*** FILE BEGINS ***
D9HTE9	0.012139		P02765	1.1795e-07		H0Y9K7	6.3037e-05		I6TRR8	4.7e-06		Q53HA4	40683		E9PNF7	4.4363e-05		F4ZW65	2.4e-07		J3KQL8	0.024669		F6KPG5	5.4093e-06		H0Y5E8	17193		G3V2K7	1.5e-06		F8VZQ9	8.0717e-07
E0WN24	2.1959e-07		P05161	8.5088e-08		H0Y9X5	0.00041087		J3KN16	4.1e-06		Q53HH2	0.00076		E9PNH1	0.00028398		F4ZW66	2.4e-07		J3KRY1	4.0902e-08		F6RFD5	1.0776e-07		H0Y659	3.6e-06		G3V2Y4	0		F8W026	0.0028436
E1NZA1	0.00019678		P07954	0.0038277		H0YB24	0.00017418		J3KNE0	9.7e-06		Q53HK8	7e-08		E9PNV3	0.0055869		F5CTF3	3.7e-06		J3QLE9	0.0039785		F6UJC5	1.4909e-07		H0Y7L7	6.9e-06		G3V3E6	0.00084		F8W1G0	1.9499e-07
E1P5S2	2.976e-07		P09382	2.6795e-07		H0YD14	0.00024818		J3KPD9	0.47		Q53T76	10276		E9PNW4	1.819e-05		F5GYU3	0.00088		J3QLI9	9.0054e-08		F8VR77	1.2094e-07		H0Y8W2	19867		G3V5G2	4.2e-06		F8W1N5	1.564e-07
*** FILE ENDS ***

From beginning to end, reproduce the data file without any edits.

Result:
D9HTE9	0.012139		P02765	1.1795e-07		H0Y9K7	6.3037e-05		I6TRR8	4.7e-06		Q53HA4	40683		E9PNF7	4.4363e-05		F4ZW65	2.4e-07		J3KQL8	0.024669		F6KPG5	5.4093e-06		H0Y5E8	17193		G3V2K7	1.5e-06		F8VZQ9	8.0717e-07
E0WN24	2.1959e-07		P05161	8.5088e-08		H0Y9X5	0.00041087		J3KN16	4.1e-06		Q53HH2	0.00076		E9PNH1	0.00028398		F4ZW66	2.4e-07		J3KRY1	4.0902e-08		F6RFD5	1.0776e-07		H0Y659	3.6e-06		G3V2Y4	0		F8W026	0.0028436
E1NZA1	0.00019678		P07954	0.0038277		H0YB24	0.00017418		J3KNE0	9.7e-06		Q53HK8	7e-08		E9PNV3	0.0055869		F5CTF3	3.7e-06		J3QLE9	0.0039785		F6UJC5	1.4909e-07		H0Y7L7	6.9e-06		G3V3E6	0.00084		F8W1G0	1.9499e-07
E1P5S2	2.976e-07		P09382	2.6795e-07		H0YD14	0.00024818		J3KPD9	0.47		Q53T76	10276		E9PNW4	1.819e-05		F5GYU3	0.00088		J3QLI9	9.0054e-08		F8VR77	1.2094e-07		H0Y8W2	19867		G3V5G2	4.2e-06		F8W1N5	1.564e-07